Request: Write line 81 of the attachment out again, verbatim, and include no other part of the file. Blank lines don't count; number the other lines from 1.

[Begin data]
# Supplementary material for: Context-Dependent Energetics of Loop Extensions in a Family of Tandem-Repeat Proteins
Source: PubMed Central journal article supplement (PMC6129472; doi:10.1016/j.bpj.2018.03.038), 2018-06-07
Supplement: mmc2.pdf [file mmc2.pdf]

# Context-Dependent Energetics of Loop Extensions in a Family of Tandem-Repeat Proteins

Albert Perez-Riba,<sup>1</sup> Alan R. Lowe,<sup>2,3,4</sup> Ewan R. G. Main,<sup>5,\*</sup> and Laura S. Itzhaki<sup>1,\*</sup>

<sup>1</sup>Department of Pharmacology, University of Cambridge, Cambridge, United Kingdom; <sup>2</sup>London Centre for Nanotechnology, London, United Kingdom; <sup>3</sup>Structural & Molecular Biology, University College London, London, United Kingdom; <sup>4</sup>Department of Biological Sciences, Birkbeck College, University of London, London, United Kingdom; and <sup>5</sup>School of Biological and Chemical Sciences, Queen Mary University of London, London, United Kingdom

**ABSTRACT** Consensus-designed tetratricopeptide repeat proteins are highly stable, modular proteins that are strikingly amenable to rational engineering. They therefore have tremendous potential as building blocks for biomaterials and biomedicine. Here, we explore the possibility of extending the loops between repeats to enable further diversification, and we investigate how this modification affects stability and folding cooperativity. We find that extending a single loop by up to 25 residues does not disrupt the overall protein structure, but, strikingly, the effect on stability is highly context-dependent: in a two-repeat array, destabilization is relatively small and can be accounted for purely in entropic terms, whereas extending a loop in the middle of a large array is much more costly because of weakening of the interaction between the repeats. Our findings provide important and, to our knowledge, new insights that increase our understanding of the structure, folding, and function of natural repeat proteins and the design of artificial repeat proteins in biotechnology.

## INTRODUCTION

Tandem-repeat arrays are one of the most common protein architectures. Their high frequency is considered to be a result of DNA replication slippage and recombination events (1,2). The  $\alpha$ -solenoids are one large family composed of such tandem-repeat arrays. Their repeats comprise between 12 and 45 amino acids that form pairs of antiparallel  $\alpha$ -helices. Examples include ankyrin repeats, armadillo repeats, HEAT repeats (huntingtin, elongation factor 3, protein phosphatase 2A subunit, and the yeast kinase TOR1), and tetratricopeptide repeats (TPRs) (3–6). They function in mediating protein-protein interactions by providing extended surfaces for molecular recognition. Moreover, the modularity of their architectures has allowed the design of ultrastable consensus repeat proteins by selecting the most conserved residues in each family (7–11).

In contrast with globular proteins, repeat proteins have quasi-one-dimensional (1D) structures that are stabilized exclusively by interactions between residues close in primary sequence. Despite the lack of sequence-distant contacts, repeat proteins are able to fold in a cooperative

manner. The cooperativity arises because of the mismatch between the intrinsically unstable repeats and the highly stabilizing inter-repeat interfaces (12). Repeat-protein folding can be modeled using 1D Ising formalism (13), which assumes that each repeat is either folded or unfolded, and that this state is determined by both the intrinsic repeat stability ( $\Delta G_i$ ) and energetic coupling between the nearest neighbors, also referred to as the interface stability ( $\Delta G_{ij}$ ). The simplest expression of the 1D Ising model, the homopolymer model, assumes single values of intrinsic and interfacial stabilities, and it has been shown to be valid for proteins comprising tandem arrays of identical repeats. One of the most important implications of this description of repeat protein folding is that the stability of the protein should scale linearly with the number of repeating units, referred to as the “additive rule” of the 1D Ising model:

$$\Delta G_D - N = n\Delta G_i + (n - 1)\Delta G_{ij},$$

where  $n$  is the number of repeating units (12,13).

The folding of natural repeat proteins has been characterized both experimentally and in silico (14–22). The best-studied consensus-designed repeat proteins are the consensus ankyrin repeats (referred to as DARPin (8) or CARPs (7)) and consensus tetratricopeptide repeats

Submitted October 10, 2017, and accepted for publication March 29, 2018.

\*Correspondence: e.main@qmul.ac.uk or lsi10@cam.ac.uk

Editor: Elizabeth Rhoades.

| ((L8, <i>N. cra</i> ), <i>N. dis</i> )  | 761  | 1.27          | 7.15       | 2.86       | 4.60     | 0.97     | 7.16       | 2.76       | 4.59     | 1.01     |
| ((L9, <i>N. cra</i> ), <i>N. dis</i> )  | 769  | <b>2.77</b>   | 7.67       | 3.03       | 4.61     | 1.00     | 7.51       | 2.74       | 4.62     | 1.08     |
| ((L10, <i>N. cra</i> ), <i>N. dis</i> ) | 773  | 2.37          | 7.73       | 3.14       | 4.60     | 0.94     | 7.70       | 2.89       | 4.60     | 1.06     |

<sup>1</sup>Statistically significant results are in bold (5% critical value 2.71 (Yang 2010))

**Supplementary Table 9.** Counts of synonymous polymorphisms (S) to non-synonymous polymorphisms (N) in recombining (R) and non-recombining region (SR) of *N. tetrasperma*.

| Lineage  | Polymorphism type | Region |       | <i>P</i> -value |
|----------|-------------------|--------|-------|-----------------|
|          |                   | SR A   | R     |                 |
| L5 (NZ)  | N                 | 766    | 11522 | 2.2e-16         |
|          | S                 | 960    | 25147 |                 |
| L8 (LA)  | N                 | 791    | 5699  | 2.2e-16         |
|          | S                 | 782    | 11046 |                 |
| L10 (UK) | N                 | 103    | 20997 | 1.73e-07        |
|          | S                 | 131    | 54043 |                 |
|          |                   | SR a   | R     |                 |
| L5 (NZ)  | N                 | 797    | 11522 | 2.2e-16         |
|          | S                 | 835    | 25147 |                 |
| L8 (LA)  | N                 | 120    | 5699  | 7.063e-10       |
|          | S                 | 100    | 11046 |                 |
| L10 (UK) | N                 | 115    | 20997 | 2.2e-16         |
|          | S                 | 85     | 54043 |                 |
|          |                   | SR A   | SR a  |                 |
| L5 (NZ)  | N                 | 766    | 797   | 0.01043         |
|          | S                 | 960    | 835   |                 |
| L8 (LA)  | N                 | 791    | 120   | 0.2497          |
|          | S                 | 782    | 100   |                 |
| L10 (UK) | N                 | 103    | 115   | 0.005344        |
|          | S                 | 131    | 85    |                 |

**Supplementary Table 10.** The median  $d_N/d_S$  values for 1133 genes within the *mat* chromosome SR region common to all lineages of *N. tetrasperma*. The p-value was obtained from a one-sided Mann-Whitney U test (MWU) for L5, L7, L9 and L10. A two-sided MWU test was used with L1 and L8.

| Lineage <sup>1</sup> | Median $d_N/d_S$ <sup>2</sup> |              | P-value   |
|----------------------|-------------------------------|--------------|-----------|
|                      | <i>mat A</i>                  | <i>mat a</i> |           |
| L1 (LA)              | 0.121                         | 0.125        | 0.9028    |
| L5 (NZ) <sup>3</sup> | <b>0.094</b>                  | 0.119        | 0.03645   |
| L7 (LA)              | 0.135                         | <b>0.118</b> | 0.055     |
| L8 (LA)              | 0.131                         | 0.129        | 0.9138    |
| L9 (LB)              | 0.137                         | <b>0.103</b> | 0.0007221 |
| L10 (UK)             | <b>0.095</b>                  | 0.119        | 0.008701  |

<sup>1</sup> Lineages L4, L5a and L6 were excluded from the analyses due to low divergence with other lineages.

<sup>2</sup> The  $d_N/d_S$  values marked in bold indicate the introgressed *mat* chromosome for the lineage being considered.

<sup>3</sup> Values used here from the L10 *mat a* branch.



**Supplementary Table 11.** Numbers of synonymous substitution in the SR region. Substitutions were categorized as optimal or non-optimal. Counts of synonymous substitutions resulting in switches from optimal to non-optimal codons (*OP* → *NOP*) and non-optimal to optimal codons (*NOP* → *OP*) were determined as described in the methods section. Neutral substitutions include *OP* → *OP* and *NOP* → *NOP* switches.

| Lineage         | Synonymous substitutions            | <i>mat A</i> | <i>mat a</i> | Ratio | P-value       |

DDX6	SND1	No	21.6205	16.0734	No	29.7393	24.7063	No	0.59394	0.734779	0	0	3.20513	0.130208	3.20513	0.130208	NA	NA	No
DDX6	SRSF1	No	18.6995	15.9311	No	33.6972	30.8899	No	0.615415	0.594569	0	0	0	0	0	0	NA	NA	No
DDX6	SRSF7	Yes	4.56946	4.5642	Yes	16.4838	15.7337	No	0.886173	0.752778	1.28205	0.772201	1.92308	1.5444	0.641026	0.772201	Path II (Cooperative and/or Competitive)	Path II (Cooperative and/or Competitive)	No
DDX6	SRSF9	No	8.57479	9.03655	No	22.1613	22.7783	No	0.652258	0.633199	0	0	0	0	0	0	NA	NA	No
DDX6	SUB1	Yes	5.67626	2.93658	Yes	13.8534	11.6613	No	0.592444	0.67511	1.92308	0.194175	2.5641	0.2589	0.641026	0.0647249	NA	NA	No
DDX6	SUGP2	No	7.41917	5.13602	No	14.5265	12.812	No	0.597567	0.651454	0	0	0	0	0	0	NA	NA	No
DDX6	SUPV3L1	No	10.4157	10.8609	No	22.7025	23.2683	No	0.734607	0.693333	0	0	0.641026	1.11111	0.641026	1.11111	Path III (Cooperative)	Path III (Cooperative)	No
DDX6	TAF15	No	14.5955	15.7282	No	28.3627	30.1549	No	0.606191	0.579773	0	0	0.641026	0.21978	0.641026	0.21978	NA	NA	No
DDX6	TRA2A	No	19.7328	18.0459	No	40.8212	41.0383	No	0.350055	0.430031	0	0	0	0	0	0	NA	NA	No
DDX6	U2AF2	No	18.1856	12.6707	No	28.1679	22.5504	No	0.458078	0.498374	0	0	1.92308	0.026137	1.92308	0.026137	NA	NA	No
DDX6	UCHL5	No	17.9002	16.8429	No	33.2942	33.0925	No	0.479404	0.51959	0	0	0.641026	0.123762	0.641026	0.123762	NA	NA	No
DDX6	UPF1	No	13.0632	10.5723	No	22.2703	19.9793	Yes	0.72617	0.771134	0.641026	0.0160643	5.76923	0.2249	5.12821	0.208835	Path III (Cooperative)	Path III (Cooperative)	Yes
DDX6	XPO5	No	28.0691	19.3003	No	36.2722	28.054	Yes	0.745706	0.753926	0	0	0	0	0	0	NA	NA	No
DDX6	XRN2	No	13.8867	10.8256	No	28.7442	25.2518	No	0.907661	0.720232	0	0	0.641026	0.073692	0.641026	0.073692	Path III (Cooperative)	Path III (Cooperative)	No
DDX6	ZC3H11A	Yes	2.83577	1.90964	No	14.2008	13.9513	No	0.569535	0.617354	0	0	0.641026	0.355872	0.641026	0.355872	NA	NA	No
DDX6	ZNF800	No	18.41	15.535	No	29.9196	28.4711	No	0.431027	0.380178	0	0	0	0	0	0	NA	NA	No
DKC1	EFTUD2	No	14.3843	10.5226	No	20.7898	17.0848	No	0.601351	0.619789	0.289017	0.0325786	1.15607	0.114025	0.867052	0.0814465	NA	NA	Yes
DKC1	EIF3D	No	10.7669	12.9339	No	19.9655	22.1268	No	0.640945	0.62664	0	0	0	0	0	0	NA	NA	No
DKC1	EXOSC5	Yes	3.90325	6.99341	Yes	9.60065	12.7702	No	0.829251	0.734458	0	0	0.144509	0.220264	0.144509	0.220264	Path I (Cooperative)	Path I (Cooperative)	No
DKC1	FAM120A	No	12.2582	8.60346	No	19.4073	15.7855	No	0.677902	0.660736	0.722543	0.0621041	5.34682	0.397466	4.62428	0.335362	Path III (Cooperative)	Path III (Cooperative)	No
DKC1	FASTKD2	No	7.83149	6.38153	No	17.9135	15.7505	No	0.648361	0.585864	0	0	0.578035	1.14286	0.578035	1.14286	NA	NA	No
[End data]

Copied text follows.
DKC1	FASTKD2	No	7.83149	6.38153	No	17.9135	15.7505	No	0.648361	0.585864	0	0	0.578035	1.14286	0.578035	1.14286	NA	NA	No